Stede Bonnet (1688 – 1718)

Written By North Carolina History Project

A former planter turned brigand, Stede Bonnet was a second generation Barbadian who sailed throughout the Caribbean and the North Atlantic committing piracy.  His leadership and management styles were atypical for a buccaneer.  He was known as the “Gentleman Pirate.”  More than once, he docked at a spot in the Cape Fear Inlet to careen periodically his Revenge.  It was here that he was initially captured and then transferred to Charleston, South Carolina to be prosecuted.

Bonnet’s piracy had a most unusual beginning.  Most pirates became captains after they had captured a vessel or after they emerged as a leader among an existing crew.  Bonnet, however, abandoned his family—wife and three children (two boys and one girl)—and embarked on an adventure that he soon regretted.  He purchased his vessel, the Revenge, and six cannons to arm it, and he recruited and employed a crew and paid them a salary. 

Bonnet and his crew first sailed up and down what is now the Atlantic seaboard of the United States.  After six months of looting, he careened the Revenge at a hideout in the Cape Fear Inlet.  (Careening is turning a vessel on its side in order to clean or repair it; this was necessary maintenance).  

When the necessary repairs were made, Bonnet sailed back to Nassau and the Revenge and crew encountered a Spanish Man of War.  In the subsequent conflict, Bonnet was hurt and the crew sailed a crippled ship back to the port.  There, Bonnet met Benjamin Hornigold and Blackbeard and agreed to let the latter, an observant manipulator, command the Revenge while he recovered.  Blackbeard noticed that the Revenge crew lacked respect for their captain, Bonnet.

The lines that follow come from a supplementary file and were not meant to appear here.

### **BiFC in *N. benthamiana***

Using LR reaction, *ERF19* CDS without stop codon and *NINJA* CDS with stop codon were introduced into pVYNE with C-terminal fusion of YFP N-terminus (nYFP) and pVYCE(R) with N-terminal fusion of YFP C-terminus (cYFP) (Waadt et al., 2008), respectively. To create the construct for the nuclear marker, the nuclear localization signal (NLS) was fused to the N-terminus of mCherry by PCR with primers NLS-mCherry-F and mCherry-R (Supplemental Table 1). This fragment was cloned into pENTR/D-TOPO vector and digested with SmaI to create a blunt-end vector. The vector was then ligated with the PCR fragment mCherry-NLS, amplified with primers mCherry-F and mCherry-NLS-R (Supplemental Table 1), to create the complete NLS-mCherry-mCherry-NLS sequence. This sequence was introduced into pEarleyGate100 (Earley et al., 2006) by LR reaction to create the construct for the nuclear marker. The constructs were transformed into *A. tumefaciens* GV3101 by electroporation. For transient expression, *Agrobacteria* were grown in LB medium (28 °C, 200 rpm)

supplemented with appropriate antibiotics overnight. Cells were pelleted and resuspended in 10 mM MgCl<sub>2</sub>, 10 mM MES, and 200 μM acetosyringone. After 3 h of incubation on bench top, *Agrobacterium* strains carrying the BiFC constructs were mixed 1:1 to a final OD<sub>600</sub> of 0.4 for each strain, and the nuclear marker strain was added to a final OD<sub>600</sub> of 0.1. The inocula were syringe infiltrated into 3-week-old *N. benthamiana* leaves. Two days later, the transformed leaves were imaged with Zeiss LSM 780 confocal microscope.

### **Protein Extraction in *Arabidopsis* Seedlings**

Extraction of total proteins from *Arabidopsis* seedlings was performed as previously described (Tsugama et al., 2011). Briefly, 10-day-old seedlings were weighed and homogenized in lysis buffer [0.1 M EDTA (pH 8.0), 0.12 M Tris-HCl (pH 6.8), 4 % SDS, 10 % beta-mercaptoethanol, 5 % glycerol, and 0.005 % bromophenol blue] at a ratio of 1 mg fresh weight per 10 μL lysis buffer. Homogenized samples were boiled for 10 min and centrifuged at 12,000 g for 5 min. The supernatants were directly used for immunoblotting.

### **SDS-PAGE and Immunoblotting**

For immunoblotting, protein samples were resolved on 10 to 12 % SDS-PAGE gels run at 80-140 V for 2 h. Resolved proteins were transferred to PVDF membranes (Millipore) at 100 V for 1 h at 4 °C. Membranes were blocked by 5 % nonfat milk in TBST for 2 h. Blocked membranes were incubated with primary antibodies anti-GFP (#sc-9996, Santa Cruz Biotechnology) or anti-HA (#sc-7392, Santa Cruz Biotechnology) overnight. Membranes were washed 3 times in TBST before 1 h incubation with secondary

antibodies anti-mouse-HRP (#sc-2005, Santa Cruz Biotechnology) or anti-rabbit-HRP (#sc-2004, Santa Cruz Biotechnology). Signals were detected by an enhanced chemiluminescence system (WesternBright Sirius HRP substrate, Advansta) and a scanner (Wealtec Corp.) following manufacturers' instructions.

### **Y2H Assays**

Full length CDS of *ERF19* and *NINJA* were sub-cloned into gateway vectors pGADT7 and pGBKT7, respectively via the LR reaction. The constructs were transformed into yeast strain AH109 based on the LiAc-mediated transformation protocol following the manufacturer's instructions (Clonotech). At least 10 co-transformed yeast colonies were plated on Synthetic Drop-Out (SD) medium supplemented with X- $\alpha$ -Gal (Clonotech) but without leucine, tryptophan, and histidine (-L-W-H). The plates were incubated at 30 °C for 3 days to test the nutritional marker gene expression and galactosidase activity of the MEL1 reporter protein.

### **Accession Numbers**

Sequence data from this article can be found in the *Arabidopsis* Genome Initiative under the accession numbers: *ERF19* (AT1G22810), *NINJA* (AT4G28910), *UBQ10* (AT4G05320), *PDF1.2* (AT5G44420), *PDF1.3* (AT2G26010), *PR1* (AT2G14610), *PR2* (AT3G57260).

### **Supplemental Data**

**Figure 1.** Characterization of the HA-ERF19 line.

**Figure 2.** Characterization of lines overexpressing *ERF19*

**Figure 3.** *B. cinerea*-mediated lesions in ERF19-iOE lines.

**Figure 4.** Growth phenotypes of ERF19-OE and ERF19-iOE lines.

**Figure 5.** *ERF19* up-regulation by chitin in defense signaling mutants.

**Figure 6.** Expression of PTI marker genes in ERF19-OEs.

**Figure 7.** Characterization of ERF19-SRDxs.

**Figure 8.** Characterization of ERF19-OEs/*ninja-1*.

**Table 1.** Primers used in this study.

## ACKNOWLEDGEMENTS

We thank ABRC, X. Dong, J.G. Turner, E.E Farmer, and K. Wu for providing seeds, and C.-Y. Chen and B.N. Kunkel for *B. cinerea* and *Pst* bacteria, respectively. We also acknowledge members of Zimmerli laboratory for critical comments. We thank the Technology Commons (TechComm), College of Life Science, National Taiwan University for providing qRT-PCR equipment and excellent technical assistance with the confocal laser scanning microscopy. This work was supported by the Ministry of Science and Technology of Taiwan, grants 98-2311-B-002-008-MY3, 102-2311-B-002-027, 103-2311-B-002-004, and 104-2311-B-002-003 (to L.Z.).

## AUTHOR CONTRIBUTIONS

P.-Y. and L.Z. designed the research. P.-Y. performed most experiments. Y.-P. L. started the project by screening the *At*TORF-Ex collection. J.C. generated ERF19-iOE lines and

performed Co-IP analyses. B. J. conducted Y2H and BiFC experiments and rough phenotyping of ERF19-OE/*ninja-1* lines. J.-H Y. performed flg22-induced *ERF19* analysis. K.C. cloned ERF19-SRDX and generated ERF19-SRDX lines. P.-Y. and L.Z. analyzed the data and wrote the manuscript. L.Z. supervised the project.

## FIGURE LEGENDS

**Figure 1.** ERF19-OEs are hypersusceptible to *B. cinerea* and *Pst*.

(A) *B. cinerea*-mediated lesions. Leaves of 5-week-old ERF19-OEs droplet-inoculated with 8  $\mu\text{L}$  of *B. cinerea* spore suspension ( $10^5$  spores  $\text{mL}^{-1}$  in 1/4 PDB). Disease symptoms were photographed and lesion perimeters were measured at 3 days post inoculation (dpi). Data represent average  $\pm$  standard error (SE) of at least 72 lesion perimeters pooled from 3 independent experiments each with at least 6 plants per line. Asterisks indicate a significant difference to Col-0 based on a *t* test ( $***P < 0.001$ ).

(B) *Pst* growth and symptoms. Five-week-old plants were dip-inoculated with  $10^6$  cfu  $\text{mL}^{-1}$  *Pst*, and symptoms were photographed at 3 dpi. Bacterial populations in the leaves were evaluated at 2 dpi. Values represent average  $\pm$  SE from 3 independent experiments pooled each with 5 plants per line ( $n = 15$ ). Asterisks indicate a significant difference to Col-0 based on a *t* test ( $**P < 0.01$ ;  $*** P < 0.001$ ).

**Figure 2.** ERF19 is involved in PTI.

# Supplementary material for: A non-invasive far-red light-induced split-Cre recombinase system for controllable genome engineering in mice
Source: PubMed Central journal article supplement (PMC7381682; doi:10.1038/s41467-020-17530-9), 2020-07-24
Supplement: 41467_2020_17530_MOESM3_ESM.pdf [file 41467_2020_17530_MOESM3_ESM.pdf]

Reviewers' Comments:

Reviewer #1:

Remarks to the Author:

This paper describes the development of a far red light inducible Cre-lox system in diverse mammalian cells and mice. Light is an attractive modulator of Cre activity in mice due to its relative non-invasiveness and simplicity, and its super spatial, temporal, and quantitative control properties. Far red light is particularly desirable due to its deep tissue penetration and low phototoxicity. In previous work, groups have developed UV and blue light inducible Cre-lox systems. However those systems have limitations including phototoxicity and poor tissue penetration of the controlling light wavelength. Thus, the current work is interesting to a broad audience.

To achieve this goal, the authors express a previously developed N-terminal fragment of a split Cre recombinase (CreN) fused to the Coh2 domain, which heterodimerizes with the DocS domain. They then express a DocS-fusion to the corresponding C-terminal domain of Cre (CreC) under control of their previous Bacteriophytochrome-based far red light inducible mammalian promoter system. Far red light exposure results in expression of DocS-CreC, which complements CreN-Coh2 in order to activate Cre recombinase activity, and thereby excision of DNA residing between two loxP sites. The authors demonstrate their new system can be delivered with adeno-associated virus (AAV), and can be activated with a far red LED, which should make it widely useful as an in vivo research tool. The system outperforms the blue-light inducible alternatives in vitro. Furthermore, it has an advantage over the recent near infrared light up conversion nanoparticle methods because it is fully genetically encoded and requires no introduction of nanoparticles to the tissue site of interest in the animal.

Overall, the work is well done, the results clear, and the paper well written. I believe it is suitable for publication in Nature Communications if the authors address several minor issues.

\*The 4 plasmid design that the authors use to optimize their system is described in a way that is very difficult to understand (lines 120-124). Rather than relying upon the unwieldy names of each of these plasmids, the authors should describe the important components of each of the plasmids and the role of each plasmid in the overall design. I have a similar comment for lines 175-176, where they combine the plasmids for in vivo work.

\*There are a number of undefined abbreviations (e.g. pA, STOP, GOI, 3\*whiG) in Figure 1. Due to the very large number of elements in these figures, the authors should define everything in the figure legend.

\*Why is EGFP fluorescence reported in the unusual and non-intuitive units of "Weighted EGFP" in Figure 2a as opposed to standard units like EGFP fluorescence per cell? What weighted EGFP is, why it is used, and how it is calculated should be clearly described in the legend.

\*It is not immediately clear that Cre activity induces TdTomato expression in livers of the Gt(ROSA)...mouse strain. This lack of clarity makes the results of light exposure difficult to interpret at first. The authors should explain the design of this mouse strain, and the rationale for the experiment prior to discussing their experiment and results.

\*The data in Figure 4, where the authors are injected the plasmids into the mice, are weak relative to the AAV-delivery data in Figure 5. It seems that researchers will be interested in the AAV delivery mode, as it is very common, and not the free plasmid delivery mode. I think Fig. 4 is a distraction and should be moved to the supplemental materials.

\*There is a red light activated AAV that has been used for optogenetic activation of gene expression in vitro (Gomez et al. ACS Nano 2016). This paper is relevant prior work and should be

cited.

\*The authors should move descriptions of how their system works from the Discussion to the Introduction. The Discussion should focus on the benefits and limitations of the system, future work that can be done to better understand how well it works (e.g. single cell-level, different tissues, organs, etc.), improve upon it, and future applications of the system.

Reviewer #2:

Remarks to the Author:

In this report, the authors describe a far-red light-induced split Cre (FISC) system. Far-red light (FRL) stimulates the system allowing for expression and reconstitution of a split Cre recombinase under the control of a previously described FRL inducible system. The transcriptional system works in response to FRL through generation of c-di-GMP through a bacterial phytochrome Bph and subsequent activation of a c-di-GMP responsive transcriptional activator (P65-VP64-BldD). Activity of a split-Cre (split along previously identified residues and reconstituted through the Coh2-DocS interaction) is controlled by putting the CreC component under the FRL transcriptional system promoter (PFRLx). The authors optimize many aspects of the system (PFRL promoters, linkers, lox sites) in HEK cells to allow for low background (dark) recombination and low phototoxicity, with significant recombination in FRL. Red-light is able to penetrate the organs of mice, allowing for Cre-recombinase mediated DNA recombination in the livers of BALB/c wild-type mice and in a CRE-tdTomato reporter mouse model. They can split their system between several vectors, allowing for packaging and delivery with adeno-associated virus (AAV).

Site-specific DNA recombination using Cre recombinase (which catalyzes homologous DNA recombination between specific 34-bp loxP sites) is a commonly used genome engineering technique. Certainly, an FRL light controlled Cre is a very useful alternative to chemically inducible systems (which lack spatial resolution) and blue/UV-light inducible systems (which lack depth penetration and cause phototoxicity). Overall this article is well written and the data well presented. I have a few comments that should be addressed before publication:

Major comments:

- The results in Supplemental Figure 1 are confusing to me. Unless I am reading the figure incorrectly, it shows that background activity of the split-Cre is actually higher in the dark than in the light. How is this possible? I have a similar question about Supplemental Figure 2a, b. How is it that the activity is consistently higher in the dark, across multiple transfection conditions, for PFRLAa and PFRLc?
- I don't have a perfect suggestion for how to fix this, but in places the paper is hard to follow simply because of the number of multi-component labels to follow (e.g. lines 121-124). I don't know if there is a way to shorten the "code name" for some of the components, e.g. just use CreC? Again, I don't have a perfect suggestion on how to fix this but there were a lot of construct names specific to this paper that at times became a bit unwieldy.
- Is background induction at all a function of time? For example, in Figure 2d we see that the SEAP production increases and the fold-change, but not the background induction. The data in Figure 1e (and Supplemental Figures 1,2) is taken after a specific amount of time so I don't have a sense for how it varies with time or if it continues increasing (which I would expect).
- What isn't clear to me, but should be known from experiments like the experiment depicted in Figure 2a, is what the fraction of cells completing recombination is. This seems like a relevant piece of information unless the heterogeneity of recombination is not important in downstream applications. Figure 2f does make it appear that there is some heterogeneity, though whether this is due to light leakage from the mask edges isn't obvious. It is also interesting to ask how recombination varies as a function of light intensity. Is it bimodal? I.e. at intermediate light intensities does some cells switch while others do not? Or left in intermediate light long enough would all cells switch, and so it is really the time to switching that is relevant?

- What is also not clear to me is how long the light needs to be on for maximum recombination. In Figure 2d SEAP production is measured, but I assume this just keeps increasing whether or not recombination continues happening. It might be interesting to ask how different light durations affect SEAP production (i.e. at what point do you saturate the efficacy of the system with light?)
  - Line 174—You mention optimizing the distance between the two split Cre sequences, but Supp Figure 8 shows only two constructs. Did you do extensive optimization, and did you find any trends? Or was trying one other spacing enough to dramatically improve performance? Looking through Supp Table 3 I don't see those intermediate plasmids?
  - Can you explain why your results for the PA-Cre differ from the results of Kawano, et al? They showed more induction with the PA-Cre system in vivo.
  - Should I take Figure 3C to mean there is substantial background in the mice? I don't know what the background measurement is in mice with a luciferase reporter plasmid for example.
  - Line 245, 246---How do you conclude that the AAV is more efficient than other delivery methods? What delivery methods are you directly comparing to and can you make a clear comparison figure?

After Bonnet and his crew had mended their wounds and tended the ship, they once again plundered trade on the high seas, but they soon suffered an inglorious defeat.  Humiliated, Bonnet and the Revenge sailed to Belize.  There they saw Blackbeard and his Queen Anne’s Revenge.  Bonnet’s crew complained about their leader’s “personality weaknesses and poor seamanship,” writes historian Lindley Butler.  

In a few days, Blackbeard tricked Bonnet and assumed command of the Revenge.  A crew of 400 men and 3 ships raided the high seas and sailed to Beaufort for a respite.   Sailing into the Beaufort Inlet, two boats were grounded on sandbars.  Questions remain whether the grounding of the boats was accidental or intentional.  Either way, while a somewhat regretful Bonnet sought a pardon from the Royal Governor of North Carolina, Charles Eden, Blackbeard seized the opportunity to escape in a Spanish ship with the loot.  Only five men remained on Bonnet’s Revenge

A pardoned Bonnet sought revenge.  Under aliases such as Captain Edwards and Captain Thomas, he and an assembled crew of forty sailed after Blackbeard.  After learning that Blackbeard had fled Ocracoke, Bonnet turned his attention to raiding the Atlantic seaboard.  He captured several large vessels and divided the treasure equally among his crew.

Meanwhile, Colonel William Rhett of Charleston, South Carolina searched for pirates who had harassed the beleaguered port and plundered its shipping.  Rhett found Bonnet and crew careening their boat in the Cape Fear Inlet.  After a six-hour battle, Bonnet was captured and transported to Charleston. 

There, Bonnet escaped jail, but a few days later, he and a few other pirates were captured at Sullivan’s Island and returned to jail.  The judge dismissed Bonnet’s defense and the Gentleman Pirate was sentenced to death. 

On December 10, 1718 Bonnet swung from a Charleston gallows.  Some in the crowd reportedly felt pity as the once proud man, with drooping head, walked up to the gallows, with shackled hands holding a bouquet. 

After Bonnet’s death, North Carolina captains participated in inter-Atlantic trade without pirates’ plundering.